5 Little-Known Facts About 'A Charlie Brown Christmas'
Charles Schulz hated jazz music!
For Peanuts fans everywhere, it just wouldn't be Christmas without this classic holiday delight.
A Charlie Brown Christmas debuted in 1965, and has been aired during the holiday season every year since. In celebration of the annual holiday special, here are five fun facts about the film.
1. Most of the voice actors were cast from kids in the director's neighborhood
Charles Schulz (known to friends and colleagues as “Sparky”) wanted to bring believable voices to the characters he created, so the producers cast real children to give life to the 'Peanuts' gang instead of adult voice-over artists. Professional child actors were cast in the roles for Charlie Brown, Linus and Lucy since they were required to recite most of the dialogue. The rest came from children who lived in director Bill Melendez's Southern California neighborhood, most of whom had zero experience in acting or voice-over work.
2. Some of the child actors were so young, they couldn't read the script
Melendez and Schulz wanted to cast children in the special in order to preserve their innocence and voice because they believed it would not only make the cartoon more realistic, but also funnier and edgier. Their idea hit a snag when the production team realized that some of the children were so young that they couldn't read the script that was sitting in front of them. Melendez said in an interview for the book A Charlie Brown Christmas: The Making of a Tradition that he had to recite the script line by line for the children who couldn't read, including Christopher Shea who voiced Linus.
3. Charles Schulz refused to let CBS executives insert a laugh track
Since this was the first time Schulz's 'Peanuts' would be represented in an animated cartoon to a national audience, he had a strong hand in the production process and fought hard to preserve his creation by not letting the “suits” tinker with it. Schulz insisted that the cartoon not have a laugh track, something that was a standard for TV comedies at the time. Producer Lee Mendelson recalled in Schulz's biography that he was just as adamant that the special not have a laugh track to “help keep it moving along.” Sparky said at a staff meeting during production that the network should “let the people at home enjoy the show at their own speed, in their own way” and promptly walked out of the room ending the argument. Sounds like Schulz had a little bit of Lucy in him that day.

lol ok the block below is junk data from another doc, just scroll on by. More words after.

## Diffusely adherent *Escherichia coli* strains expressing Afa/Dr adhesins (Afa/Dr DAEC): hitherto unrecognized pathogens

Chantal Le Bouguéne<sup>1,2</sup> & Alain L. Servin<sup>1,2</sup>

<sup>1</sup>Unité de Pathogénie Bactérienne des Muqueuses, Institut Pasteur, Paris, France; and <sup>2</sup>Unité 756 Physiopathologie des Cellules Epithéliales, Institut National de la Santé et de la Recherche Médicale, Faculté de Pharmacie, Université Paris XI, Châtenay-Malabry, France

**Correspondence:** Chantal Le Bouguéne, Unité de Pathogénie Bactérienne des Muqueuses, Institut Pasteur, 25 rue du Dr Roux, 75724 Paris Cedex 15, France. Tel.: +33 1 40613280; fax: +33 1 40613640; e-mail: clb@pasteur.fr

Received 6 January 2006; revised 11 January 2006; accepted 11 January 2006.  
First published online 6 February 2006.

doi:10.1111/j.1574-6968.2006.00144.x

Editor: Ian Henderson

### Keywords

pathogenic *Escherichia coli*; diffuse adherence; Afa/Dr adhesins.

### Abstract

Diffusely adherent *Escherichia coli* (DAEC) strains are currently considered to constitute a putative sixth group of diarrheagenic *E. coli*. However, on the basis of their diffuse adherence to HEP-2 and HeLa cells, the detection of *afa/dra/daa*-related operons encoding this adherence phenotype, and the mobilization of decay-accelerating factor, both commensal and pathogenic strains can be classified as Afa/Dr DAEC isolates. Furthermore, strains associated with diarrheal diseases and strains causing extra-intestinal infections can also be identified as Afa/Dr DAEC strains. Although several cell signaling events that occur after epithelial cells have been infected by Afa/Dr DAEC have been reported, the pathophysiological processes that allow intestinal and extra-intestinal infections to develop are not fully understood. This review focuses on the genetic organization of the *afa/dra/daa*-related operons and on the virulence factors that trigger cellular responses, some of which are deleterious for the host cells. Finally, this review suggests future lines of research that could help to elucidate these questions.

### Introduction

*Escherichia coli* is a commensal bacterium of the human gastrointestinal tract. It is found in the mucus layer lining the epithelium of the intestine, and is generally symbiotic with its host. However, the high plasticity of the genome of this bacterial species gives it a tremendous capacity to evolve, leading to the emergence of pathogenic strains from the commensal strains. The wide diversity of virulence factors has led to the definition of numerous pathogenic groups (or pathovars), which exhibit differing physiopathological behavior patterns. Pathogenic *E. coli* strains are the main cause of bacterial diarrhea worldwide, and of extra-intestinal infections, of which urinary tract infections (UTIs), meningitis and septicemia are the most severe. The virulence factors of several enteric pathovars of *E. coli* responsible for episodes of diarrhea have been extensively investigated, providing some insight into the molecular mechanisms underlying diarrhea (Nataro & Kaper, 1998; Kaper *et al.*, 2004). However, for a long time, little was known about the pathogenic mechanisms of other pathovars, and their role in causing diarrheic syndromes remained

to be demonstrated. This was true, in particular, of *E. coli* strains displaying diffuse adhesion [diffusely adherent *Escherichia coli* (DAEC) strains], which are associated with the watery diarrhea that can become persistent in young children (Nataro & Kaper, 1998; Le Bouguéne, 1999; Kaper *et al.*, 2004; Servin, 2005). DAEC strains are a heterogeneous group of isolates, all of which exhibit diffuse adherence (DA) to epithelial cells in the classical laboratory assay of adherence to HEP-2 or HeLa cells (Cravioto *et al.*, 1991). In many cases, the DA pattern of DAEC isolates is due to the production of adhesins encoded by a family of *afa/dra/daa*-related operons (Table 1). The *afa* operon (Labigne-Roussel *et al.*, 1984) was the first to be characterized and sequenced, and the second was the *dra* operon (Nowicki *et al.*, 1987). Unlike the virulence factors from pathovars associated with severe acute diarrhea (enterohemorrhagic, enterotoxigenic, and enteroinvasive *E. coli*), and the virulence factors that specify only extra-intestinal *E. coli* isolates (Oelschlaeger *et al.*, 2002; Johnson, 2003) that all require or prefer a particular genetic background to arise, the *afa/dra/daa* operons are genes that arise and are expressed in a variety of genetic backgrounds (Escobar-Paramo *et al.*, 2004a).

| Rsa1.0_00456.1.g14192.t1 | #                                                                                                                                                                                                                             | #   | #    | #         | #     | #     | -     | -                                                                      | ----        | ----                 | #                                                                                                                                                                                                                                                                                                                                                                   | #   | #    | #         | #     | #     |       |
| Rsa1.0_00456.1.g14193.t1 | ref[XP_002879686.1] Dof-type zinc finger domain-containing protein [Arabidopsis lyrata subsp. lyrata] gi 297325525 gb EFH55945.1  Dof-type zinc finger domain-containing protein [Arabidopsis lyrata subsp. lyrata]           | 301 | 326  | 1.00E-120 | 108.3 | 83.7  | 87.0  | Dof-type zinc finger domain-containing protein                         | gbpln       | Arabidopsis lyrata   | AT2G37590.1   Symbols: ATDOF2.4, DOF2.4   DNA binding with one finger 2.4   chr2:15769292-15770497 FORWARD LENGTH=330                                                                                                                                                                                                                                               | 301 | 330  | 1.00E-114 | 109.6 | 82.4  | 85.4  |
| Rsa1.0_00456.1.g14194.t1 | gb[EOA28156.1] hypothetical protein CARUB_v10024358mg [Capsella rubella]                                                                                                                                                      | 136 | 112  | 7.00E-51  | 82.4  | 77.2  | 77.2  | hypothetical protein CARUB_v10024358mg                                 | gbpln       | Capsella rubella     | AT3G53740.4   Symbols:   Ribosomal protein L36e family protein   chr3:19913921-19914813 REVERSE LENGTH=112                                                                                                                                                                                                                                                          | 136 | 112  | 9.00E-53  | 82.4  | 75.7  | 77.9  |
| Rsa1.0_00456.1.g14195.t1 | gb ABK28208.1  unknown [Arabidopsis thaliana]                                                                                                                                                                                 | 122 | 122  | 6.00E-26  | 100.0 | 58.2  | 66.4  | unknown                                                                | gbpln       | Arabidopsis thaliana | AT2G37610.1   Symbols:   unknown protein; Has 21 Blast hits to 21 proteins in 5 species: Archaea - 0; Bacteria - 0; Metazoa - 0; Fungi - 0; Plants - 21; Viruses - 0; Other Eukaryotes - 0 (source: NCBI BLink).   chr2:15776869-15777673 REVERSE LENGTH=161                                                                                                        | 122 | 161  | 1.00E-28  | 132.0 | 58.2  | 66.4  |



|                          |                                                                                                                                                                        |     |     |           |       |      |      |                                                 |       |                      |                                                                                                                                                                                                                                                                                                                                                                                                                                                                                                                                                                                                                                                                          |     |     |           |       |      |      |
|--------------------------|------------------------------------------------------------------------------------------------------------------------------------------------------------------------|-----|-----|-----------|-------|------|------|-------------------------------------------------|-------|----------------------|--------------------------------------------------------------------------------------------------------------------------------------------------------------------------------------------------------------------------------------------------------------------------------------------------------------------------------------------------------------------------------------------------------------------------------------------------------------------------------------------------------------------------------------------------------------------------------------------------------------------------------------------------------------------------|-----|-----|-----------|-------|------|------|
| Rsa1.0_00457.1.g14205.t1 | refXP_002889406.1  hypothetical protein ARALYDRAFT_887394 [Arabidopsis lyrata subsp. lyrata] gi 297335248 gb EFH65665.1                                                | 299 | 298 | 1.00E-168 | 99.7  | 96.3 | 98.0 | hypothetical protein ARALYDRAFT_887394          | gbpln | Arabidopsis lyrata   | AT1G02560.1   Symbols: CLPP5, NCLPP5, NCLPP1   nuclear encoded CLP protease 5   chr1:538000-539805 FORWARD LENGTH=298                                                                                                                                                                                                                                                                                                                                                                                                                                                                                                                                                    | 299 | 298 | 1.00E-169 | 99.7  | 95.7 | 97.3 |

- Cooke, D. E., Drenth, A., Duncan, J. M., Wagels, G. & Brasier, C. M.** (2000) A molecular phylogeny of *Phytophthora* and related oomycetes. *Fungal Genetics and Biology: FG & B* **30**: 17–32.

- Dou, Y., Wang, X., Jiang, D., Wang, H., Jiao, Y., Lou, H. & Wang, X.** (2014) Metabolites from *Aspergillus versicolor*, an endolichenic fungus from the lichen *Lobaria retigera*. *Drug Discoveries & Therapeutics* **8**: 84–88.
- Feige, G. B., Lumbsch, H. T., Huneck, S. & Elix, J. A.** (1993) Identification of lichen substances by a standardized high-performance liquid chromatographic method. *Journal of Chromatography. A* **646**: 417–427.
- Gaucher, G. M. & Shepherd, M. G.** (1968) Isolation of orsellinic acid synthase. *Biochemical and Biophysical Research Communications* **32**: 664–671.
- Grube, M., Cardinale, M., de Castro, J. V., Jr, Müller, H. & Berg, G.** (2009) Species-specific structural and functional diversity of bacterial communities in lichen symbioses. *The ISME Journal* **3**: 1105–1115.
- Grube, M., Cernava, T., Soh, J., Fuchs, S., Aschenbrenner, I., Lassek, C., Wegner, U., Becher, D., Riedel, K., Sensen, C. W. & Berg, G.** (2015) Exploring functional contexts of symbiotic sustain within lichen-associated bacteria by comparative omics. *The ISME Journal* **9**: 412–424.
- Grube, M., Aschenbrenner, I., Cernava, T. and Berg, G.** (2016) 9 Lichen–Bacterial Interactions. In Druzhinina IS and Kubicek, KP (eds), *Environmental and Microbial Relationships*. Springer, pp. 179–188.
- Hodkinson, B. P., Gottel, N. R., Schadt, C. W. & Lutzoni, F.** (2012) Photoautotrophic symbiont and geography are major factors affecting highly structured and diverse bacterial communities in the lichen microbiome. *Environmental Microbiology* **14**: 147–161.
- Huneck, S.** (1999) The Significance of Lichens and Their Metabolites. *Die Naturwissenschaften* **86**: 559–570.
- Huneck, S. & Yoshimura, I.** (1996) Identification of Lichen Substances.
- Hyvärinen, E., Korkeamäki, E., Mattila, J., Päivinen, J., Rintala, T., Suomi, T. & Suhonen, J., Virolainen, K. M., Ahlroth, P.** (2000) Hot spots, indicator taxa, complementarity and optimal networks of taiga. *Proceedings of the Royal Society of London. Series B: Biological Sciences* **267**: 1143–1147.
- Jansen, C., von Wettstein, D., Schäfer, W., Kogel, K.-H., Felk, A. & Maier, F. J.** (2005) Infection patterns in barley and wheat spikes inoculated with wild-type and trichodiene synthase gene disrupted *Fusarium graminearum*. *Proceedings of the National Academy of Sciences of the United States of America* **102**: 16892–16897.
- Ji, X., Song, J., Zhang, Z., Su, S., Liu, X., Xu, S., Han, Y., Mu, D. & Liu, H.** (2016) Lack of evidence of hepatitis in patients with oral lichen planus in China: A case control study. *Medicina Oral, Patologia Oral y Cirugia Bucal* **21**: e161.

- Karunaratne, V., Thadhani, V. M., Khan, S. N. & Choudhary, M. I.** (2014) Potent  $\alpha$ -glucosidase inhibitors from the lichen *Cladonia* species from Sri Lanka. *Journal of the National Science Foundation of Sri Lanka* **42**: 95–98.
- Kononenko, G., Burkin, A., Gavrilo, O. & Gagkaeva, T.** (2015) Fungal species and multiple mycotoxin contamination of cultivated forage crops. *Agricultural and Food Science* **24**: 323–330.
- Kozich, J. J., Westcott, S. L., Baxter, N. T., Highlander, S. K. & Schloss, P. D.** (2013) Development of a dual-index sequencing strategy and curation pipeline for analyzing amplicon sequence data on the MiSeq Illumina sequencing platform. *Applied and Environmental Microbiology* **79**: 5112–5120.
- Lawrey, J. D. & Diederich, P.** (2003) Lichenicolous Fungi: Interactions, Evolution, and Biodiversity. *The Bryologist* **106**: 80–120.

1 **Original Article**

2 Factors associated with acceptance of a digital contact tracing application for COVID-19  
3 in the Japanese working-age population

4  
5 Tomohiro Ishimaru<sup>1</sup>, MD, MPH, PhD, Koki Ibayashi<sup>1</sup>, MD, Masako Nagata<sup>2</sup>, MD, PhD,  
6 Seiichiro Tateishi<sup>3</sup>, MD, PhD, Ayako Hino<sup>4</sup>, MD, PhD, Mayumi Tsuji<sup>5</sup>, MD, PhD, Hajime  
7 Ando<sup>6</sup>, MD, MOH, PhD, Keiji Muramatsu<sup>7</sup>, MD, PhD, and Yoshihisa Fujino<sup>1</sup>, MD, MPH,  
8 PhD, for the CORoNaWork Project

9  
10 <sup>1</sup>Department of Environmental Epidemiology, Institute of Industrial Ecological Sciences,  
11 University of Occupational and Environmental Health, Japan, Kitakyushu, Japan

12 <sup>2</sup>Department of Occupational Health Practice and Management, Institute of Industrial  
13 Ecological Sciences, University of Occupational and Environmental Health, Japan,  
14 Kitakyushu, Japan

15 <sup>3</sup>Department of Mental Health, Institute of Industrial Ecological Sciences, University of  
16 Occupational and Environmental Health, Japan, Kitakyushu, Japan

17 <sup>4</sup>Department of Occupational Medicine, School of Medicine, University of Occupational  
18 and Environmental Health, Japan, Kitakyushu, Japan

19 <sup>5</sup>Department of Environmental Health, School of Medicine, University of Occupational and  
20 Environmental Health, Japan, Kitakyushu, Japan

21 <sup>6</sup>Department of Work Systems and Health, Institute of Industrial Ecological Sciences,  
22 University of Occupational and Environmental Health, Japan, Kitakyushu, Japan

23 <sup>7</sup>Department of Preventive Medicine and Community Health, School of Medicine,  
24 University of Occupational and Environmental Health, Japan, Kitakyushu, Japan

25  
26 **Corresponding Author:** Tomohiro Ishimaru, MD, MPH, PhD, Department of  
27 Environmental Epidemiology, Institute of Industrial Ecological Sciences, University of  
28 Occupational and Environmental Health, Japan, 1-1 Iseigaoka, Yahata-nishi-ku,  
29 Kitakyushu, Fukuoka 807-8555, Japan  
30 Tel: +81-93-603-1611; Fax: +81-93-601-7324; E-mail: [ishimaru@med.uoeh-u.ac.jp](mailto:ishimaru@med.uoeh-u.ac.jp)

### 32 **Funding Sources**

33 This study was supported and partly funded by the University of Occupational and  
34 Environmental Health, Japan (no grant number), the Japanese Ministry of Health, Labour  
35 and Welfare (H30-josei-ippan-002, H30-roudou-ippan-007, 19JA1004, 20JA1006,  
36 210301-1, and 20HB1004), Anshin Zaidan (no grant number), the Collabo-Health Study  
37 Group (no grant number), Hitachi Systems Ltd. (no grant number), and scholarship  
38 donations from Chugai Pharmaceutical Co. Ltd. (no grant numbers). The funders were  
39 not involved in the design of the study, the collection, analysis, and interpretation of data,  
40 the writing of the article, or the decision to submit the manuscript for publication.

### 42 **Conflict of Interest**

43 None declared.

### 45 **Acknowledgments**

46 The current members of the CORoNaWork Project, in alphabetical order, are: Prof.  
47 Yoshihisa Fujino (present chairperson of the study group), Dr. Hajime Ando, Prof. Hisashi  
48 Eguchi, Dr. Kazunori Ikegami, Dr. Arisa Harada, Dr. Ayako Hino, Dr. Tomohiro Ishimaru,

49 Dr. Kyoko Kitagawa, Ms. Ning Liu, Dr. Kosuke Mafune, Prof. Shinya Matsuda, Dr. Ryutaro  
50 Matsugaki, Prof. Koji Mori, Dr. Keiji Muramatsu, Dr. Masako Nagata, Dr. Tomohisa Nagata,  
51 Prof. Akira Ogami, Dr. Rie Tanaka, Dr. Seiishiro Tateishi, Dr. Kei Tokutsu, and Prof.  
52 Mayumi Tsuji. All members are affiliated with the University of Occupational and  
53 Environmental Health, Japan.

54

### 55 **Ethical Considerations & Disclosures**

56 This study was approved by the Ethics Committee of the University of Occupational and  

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4. Schulz actually hated jazz music
Musician and composer Vince Guaraldi's ensemble of holiday infused jazz for A Charlie Brown Christmas became just as famous and as much of a yuletide favorite as the cartoon that popularized it. Sparky, however, wasn't a big fan of the catchy tunes. In fact, according to his biography, Schulz told a reporter two months after the special aired that he thought jazz music was “awful.” Guaraldi's involvement with 'Peanuts' dates back to before production started on the Christmas special. Mendelson had been working with Schulz on a documentary called A Boy Named Charlie Brown that featured a soundtrack of jazz music composed by Guaraldi. Despite his feelings about jazz, Sparky insisted that they use Guaraldi's music again for A Charlie Brown Christmas with a mix of traditional Christmas hymns because it created the perfect “bubbly, childlike tone” for the show.
Related: How to Watch A Charlie Brown Thanksgiving
5. Linus' “True Meaning of Christmas” speech was almost cut
Sparky was also a religious man and, according to his biography, “the life of Jesus remained for him a consuming subject.” He also insisted in the early days of production that the script feature some religious overtones, particularly a passage from the St. Luke gospel about the birth of Jesus Christ, to bring some meaning to the holiday that “had been lost in the general good-time frivolity.” The producers agreed to include a Nativity scene to represent Sparky's feelings, but by the time the script was finished, Mendelson realized he had included an entire minute-long speech directly from the New Testament. This led to the biggest arguments between Sparky and the producers, with Mendelson insisting that the special was an “entertainment show” and the speech would scare off advertisers by narrowing its audience. Thankfully, the now-iconic speech survived the final cut and has aired in the special every year since.
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